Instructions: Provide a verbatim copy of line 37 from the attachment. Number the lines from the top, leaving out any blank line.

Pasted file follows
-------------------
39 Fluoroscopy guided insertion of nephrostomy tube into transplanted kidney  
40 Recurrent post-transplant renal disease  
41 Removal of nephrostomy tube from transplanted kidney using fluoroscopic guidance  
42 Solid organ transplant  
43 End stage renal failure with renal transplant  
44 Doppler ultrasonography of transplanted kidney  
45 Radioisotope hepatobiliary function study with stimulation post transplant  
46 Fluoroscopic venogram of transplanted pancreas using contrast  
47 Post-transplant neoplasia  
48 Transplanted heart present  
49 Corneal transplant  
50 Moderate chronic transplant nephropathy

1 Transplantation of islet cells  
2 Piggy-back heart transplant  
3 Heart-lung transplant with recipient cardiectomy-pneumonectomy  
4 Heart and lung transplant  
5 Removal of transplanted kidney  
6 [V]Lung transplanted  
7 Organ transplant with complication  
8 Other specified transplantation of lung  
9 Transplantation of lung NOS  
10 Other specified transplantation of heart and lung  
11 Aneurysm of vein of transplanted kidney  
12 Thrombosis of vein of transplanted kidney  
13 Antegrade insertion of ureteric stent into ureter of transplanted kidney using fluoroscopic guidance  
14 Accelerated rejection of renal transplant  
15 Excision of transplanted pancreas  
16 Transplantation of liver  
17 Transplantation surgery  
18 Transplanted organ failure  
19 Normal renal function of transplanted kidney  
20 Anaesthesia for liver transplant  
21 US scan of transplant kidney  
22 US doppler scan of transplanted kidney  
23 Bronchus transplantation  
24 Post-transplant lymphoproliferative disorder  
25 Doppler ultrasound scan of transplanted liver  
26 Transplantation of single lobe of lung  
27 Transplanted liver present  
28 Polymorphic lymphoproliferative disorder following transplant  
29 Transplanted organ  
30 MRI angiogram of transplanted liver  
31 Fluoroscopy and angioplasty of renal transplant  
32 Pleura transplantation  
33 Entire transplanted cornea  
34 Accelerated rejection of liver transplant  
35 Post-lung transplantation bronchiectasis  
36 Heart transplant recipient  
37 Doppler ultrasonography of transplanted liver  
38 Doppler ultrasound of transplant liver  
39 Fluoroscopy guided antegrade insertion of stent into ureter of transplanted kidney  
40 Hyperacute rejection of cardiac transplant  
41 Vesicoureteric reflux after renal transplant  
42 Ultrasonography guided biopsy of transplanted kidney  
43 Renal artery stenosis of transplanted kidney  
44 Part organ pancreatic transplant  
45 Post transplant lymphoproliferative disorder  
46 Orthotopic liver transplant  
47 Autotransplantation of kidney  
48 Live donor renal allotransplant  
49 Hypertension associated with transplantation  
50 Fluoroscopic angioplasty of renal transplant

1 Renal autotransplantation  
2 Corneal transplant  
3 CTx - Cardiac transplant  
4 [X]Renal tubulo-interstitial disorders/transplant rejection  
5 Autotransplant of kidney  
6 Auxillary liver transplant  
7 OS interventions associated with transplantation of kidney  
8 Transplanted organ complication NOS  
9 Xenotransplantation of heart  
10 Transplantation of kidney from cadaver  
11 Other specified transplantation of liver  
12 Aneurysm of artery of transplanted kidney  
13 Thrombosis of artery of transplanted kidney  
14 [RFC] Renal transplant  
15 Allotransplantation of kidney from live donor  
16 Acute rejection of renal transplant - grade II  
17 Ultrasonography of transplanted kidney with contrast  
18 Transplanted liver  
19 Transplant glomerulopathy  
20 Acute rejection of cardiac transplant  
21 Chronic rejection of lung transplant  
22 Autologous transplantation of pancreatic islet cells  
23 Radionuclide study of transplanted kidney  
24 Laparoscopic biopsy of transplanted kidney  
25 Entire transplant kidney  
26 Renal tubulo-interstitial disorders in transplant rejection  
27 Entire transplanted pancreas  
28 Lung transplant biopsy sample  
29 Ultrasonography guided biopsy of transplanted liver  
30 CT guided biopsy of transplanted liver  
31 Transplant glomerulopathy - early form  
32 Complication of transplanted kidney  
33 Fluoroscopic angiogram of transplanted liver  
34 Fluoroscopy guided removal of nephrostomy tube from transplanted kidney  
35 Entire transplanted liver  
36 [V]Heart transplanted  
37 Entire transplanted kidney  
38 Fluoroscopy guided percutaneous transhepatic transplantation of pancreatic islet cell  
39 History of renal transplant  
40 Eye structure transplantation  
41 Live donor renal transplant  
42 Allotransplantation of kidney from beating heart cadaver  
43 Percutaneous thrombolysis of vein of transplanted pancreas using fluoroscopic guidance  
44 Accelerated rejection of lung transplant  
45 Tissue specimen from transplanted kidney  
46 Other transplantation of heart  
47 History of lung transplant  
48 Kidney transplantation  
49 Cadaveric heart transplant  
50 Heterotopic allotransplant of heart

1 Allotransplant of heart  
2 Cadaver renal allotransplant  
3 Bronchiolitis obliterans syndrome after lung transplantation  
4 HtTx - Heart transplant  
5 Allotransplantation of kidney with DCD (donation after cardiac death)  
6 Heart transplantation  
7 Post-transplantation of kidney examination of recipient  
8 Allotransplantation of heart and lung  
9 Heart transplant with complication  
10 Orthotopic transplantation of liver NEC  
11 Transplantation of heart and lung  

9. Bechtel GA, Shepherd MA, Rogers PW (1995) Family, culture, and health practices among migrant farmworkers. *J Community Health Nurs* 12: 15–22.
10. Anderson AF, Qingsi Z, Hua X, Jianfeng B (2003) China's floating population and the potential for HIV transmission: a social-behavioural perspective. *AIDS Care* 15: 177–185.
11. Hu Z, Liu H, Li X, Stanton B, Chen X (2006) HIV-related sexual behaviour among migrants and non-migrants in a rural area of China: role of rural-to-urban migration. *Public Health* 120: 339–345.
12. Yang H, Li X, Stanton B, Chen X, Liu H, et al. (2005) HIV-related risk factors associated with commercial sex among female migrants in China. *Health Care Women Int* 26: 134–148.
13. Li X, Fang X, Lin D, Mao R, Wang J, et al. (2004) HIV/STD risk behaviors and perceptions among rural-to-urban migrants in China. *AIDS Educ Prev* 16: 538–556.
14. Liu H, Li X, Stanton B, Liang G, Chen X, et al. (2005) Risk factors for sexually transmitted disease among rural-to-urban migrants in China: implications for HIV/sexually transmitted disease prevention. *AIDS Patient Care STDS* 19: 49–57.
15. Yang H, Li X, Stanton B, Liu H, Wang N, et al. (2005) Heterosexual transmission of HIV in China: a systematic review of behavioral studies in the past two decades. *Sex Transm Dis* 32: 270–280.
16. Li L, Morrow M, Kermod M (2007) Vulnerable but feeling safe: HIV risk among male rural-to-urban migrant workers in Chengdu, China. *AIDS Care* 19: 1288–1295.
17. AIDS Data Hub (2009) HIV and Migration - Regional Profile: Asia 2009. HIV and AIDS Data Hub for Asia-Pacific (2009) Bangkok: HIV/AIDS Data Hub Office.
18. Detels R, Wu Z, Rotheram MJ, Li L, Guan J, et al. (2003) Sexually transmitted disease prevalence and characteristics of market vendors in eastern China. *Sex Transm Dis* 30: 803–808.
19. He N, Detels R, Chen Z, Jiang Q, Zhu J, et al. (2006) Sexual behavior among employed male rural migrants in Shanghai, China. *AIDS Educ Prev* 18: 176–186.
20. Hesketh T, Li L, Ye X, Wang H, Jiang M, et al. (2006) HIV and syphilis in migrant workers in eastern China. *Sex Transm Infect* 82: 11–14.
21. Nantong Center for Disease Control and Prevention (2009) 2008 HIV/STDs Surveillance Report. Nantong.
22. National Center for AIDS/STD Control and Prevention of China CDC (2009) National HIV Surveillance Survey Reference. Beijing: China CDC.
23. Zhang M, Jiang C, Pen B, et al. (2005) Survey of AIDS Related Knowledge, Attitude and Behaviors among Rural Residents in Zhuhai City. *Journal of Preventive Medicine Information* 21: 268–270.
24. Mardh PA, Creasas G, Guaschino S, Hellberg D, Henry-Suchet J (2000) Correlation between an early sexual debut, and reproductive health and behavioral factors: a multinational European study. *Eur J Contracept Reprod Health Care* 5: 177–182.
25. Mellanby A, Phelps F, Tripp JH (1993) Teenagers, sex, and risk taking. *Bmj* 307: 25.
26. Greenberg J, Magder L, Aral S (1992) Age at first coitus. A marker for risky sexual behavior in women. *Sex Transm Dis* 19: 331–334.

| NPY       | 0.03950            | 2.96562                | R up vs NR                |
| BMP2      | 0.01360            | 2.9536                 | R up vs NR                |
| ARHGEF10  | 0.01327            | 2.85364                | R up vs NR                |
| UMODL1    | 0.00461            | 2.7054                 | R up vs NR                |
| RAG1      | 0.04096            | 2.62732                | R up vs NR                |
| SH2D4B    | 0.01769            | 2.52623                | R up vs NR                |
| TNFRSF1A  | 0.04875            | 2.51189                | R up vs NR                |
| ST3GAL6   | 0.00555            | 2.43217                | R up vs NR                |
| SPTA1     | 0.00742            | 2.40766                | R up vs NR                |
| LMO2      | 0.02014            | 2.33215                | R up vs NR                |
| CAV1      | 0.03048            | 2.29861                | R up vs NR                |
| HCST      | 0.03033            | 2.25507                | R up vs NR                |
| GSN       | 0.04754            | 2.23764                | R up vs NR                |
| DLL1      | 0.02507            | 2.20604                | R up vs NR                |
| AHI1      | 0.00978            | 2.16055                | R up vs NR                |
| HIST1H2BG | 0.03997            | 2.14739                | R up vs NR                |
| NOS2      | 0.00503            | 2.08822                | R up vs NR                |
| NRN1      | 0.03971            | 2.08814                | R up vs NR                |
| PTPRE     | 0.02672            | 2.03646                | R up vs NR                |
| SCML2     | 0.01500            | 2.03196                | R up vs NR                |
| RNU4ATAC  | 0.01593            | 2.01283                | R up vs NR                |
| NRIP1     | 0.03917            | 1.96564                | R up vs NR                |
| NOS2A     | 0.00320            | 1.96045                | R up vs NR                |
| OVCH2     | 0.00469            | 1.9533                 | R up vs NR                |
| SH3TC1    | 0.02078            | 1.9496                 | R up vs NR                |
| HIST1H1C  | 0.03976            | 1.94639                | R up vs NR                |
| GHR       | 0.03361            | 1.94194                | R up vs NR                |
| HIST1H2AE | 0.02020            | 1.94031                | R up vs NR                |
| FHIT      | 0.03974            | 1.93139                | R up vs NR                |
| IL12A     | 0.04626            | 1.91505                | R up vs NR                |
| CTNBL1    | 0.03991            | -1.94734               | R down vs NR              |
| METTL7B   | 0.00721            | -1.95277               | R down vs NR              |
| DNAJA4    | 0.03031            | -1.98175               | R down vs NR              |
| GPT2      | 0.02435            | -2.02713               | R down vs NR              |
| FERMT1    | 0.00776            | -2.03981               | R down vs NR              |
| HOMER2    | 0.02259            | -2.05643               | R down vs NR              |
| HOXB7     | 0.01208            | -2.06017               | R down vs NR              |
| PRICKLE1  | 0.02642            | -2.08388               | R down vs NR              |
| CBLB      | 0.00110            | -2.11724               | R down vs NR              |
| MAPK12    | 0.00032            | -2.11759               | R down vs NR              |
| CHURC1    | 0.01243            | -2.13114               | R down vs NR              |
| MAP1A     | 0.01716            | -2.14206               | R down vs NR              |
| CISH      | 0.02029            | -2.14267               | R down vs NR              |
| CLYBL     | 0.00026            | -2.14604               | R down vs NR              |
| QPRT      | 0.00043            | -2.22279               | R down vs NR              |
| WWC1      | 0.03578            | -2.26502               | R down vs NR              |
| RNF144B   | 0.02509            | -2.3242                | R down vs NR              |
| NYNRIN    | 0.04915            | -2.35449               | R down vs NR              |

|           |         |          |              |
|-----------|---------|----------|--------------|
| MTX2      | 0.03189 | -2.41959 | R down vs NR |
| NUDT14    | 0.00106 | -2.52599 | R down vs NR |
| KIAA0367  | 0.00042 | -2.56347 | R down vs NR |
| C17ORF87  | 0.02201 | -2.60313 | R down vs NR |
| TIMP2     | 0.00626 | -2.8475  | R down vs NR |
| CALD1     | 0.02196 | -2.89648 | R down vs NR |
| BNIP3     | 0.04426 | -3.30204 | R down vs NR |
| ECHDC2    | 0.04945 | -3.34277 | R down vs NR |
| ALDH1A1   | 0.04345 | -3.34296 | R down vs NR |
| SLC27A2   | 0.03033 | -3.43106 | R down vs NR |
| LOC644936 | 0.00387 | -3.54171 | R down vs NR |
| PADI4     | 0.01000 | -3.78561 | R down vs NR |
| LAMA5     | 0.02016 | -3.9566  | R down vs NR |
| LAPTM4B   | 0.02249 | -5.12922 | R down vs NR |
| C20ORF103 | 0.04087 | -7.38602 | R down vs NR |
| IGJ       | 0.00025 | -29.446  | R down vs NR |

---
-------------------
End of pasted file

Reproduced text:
25 Doppler ultrasound scan of transplanted liver  